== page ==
During the Covid-19 pandemic, construction firms have encountered similar challenges to other sectors employing key workers; staff shortages which have been exacerbated by the closure of borders and the lower number of workers from overseas arriving in the country, social distancing and vaccination requirements for those working on site and a series of imposed restrictions including periods of shutdown and capped activity.
But there is some good news. Progress during the pandemic has actually been better than expected, probably helped along by additional funds being made available. Hospital sites being less busy and buildings being temporarily out of use may also have helped accelerate the pace of projects. Not only have most construction work finished on time; some projects have even been fast tracked.
We have looked at Australia specifically, but this trend – along with a general increase in new projects and additional funding being announced – are mirrored in other countries, including the UK. According to Barbour ABI, which tracks planning applications and construction projects across the UK, contract awards in the healthcare sector in November 2021 alone reached £500m – near record levels – with the pipeline looking very strong.
The Australian example
Looking at Australia, for example, the $341.2 million Concord Hospital redevelopment in New South Wales is to be delivered ahead of schedule to provide dedicated care for patients with Covid-19. Many other projects have been fast tracked or got an early start, including the A$750 million Royal Prince Alfred Hospital Redevelopment and stage 2 of the A$1 billion Nepean Hospital Redevelopment, which will be brought forward by two years. In fact, during 2020, Health Infrastructure NSW delivered its largest ever health capital spend, with A$2bn worth of infrastructure projects delivered.
In Victoria, construction is underway on a A$1.5 billion project to deliver a new Footscray Hospital – the largest ever health infrastructure investment in the State – which is expected to open in 2025. The government has also substantial funds for the upgrade of vital health infrastructure, including a new $200 million Metropolitan Health Infrastructure Fund (MHIF), and it also opened a fifth round of the A$120 million Regional Health Infrastructure Fund (RHIF) earlier in the year. Looking more long-term, Infrastructure Victoria issued an updated 30-year Infrastructure Strategy back in September, to reflect the unprecedented levels of investment to meet the challenges of the Covid-19 pandemic and to ensure the state is prepared for the future needs of its population.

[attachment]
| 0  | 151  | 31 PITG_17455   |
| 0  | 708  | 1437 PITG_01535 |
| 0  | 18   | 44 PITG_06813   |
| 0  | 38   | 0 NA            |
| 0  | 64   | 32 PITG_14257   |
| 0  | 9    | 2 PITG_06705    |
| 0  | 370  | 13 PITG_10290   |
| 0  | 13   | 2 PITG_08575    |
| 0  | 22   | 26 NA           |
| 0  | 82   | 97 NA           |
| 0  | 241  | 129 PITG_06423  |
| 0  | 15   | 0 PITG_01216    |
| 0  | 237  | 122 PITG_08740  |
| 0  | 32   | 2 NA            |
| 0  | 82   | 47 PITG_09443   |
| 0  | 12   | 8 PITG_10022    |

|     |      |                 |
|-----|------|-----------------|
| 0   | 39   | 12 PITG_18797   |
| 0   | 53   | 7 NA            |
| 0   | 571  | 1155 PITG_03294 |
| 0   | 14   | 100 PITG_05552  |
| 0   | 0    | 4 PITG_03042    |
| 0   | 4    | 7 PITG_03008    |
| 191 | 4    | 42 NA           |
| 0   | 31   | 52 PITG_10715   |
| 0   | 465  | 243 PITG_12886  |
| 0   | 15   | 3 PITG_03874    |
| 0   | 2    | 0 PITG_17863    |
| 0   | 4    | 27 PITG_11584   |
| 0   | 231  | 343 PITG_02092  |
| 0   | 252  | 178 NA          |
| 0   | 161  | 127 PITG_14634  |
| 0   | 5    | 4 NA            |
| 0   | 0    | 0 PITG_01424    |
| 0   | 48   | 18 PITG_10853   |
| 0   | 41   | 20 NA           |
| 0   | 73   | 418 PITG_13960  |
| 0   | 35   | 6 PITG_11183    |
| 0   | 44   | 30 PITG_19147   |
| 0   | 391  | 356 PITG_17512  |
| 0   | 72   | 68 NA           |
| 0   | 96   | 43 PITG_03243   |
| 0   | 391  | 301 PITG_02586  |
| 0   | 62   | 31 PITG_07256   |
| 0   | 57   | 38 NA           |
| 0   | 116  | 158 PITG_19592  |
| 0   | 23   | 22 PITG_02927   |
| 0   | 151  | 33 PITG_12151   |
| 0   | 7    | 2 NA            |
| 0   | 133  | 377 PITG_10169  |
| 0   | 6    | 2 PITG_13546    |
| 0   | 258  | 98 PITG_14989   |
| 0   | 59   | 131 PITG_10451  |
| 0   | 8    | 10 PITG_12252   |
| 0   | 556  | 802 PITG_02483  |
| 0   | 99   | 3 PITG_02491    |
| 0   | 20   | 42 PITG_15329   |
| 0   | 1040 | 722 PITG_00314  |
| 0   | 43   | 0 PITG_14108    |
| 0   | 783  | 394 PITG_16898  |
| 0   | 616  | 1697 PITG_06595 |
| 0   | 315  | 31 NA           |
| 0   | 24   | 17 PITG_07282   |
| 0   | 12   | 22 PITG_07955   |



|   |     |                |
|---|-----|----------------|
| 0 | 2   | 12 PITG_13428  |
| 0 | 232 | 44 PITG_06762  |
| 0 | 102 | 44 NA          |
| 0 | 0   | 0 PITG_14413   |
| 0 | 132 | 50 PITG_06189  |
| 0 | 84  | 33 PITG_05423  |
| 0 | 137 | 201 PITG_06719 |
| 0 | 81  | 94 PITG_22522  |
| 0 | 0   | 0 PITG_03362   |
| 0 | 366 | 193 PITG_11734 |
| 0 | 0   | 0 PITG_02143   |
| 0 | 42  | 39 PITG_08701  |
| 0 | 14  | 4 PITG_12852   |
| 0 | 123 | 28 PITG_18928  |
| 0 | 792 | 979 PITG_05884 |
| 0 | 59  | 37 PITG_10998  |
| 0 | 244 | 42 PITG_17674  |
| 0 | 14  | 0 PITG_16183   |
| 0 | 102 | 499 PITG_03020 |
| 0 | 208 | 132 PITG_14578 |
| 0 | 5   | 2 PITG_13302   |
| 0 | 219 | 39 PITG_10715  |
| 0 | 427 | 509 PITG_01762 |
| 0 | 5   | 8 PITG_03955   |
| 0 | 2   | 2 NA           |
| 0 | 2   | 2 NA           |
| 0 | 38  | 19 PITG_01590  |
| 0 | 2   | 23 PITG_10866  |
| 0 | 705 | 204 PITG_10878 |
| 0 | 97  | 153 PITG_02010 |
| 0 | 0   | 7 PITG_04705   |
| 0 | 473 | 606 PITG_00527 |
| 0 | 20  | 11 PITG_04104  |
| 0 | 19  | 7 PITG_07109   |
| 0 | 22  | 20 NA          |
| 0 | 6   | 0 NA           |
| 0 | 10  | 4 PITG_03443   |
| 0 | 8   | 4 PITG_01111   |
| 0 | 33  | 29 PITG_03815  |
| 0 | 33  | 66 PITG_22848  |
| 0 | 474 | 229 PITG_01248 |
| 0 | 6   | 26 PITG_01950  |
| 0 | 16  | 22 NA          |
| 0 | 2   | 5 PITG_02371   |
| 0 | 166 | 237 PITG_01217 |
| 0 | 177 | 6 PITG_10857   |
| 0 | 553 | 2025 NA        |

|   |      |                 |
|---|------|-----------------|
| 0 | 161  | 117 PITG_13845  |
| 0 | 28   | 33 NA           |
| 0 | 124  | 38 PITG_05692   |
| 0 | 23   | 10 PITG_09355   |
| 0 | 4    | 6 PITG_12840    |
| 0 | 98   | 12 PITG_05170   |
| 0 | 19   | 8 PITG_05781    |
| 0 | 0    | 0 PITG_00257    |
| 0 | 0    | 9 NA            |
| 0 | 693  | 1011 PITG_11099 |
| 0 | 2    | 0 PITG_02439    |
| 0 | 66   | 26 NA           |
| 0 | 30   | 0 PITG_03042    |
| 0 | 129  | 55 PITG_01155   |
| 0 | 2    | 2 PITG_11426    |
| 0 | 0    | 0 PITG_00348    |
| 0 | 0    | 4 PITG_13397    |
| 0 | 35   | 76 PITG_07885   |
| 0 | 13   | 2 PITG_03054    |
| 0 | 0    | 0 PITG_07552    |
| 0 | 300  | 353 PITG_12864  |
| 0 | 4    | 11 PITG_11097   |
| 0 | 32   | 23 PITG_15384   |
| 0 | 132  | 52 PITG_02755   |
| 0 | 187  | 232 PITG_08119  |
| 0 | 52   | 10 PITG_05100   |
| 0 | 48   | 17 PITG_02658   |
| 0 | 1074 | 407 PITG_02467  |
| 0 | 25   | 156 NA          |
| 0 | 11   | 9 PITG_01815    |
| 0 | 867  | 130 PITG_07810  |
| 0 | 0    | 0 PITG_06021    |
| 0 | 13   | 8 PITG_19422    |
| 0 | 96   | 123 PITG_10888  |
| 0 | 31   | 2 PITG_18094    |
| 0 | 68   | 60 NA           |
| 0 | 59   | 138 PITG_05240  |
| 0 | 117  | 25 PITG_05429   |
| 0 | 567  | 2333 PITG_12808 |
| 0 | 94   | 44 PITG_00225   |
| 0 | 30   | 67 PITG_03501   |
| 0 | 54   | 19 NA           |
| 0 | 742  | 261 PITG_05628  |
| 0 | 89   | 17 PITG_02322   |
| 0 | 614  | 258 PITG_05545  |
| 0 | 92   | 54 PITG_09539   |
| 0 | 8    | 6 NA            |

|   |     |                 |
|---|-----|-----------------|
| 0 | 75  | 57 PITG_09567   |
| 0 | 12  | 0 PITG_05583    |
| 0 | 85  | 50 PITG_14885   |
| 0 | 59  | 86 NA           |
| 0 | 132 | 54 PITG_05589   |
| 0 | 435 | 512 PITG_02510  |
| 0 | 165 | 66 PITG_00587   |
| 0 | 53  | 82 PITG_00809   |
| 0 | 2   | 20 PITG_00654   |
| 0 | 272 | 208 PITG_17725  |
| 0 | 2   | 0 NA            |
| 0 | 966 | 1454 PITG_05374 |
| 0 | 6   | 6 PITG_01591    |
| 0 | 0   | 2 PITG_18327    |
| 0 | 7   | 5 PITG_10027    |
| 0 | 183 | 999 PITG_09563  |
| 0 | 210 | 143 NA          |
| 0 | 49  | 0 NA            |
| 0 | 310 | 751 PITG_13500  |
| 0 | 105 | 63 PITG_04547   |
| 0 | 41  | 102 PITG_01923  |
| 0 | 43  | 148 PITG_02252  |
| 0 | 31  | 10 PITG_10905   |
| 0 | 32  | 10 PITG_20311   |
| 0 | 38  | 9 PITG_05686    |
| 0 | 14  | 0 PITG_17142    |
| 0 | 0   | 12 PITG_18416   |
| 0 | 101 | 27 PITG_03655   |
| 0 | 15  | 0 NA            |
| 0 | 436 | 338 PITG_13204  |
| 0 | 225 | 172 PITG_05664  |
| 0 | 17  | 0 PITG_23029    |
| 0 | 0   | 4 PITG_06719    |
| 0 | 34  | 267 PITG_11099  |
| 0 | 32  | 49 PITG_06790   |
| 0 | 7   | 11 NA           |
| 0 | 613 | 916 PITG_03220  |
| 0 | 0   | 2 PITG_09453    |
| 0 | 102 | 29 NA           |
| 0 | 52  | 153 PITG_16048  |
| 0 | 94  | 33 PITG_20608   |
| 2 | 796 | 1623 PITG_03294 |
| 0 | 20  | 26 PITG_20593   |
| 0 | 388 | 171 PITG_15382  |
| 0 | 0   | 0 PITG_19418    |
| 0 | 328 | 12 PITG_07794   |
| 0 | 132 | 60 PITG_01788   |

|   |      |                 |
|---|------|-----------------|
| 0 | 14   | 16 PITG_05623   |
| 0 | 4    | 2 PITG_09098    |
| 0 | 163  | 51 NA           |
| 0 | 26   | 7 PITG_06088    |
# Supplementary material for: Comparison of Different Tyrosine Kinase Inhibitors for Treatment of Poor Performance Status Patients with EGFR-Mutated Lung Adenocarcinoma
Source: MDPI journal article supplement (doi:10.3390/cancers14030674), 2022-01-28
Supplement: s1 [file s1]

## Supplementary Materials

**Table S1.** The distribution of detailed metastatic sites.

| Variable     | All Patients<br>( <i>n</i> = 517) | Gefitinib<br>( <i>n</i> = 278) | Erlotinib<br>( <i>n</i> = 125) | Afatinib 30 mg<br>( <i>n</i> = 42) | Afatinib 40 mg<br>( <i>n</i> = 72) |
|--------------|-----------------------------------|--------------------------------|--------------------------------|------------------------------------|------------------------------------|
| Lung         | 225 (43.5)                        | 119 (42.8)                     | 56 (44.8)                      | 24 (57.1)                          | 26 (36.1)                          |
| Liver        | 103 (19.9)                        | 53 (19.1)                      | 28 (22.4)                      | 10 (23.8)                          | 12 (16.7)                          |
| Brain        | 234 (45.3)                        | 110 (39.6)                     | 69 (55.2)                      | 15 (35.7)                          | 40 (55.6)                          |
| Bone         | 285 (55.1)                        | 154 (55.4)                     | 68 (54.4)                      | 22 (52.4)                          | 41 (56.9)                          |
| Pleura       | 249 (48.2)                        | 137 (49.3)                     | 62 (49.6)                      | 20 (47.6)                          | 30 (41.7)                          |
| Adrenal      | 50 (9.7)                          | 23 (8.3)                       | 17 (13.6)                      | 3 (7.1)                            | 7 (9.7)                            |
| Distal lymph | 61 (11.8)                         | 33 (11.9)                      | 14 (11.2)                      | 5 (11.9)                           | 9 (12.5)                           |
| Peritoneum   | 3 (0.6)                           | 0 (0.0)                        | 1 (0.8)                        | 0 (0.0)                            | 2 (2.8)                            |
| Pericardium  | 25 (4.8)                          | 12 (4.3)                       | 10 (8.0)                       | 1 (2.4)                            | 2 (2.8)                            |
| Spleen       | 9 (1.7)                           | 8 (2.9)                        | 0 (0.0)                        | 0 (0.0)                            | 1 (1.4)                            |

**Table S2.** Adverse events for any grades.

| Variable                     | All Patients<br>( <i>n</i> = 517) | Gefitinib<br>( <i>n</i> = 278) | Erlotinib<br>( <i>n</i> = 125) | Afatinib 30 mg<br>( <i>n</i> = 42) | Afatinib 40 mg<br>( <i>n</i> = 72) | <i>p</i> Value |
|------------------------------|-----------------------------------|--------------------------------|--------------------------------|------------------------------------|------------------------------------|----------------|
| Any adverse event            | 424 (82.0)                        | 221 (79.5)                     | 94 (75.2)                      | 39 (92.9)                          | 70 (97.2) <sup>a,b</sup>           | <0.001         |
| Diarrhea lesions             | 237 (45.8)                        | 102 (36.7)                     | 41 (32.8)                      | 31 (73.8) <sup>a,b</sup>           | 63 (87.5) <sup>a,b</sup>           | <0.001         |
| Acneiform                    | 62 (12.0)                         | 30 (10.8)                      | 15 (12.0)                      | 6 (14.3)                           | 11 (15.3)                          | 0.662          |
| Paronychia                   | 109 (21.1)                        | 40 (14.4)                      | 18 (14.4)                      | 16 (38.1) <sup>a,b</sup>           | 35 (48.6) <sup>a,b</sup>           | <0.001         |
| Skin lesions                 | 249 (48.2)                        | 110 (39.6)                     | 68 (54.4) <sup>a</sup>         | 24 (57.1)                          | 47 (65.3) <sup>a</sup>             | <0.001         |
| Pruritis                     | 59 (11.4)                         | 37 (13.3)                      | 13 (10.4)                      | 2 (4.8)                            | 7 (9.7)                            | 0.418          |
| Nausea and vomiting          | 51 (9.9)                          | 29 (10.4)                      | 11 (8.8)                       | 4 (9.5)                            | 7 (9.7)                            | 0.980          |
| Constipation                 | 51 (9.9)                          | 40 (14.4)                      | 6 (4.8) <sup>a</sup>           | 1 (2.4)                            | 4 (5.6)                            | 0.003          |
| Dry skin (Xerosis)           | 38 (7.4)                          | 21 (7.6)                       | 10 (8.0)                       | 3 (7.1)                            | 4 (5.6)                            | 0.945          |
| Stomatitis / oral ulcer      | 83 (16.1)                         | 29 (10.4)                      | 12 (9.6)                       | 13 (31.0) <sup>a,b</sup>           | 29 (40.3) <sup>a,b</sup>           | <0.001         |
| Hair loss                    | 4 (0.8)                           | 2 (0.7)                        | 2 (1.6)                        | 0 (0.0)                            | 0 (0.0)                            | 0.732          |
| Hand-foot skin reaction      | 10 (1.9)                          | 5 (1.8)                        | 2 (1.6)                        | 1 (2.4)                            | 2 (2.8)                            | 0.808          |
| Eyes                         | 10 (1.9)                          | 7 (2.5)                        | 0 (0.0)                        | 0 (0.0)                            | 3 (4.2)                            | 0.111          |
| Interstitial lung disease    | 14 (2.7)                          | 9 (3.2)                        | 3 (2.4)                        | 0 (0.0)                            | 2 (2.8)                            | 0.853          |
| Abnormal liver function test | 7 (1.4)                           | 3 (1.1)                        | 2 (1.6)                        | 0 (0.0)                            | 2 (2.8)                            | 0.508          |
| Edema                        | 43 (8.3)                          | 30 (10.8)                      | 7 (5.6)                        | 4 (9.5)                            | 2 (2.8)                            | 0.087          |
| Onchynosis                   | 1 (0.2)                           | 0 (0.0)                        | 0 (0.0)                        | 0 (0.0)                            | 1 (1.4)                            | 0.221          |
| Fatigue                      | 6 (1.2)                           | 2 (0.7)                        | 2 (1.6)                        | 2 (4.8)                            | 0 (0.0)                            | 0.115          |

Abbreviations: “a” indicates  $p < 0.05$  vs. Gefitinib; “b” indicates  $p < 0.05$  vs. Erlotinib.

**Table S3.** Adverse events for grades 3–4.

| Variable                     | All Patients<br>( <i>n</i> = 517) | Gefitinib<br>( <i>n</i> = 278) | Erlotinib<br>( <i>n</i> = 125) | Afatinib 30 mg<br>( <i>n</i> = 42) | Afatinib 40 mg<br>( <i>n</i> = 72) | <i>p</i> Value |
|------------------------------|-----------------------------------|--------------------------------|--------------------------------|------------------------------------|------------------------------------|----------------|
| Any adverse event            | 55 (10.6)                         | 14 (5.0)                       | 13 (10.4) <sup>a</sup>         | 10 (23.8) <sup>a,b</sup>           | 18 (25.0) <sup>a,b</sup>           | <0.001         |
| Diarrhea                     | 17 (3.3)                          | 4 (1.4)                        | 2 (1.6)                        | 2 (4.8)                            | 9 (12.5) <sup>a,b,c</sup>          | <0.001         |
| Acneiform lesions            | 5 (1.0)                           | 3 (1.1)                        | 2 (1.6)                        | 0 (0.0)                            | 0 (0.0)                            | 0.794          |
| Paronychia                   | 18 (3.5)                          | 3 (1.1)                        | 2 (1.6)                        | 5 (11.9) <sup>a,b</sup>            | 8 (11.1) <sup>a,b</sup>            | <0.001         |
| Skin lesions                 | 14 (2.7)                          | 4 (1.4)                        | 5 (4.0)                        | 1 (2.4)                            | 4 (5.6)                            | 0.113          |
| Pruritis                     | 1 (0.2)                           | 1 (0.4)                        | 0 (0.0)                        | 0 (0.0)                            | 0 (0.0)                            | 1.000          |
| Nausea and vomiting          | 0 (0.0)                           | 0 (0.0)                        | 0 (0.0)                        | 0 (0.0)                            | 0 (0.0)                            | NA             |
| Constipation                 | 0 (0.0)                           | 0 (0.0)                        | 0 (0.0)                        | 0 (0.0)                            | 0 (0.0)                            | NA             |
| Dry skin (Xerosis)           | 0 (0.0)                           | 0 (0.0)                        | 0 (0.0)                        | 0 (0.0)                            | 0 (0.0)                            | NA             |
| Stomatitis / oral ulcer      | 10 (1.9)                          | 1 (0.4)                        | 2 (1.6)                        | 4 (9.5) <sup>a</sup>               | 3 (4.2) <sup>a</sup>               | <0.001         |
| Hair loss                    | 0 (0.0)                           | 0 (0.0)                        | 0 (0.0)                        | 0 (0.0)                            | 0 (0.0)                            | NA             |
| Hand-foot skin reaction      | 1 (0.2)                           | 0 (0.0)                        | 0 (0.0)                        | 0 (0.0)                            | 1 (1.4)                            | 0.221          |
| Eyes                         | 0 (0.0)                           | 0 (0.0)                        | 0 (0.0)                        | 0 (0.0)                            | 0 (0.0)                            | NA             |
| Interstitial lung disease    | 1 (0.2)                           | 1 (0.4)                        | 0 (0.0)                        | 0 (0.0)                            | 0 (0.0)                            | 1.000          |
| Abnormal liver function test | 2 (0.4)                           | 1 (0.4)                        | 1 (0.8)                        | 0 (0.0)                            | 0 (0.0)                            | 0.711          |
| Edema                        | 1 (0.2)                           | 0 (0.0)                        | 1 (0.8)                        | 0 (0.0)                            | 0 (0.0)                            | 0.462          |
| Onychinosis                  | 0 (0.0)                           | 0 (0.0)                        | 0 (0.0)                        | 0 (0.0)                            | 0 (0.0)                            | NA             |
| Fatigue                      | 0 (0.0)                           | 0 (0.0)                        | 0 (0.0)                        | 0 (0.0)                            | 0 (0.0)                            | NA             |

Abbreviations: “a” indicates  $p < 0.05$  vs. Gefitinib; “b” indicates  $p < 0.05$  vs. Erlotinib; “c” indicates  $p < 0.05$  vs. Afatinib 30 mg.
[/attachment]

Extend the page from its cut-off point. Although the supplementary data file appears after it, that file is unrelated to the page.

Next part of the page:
In Western Australia, the government announced – in addition to ongoing projects – funding of A$400m to expand hospital capacity, to include both bedspaces and staff. The investment is said to be one of the biggest ever in Western Australia’s health system and will create more than 500 bedspaces across various hospitals, and support the addition of more than 400 nurses.
In Queensland, a new $265m Satellite Hospitals Program (SHP) is in planning. It will involve building seven new satellite hospitals to meet the healthcare needs of rapidly growing communities across South East Queensland. They will deliver a wide range of services including community health, chemotherapy, urgent care for minor injury and outpatient services. Last year, the Queensland government also announced funding of $163.7m for the creation of additional 351 beds across the state’s hospital network.
Hospital design challenges
The planning phase for hospital building projects usually starts with a clinical services plan, based on need. Following a consultation exercise, this then evolves into a master plan, and is outlined in a project brief and the business case. Starting with the concept, the design process that follows moves through stages from schematic design and into more detailed designs.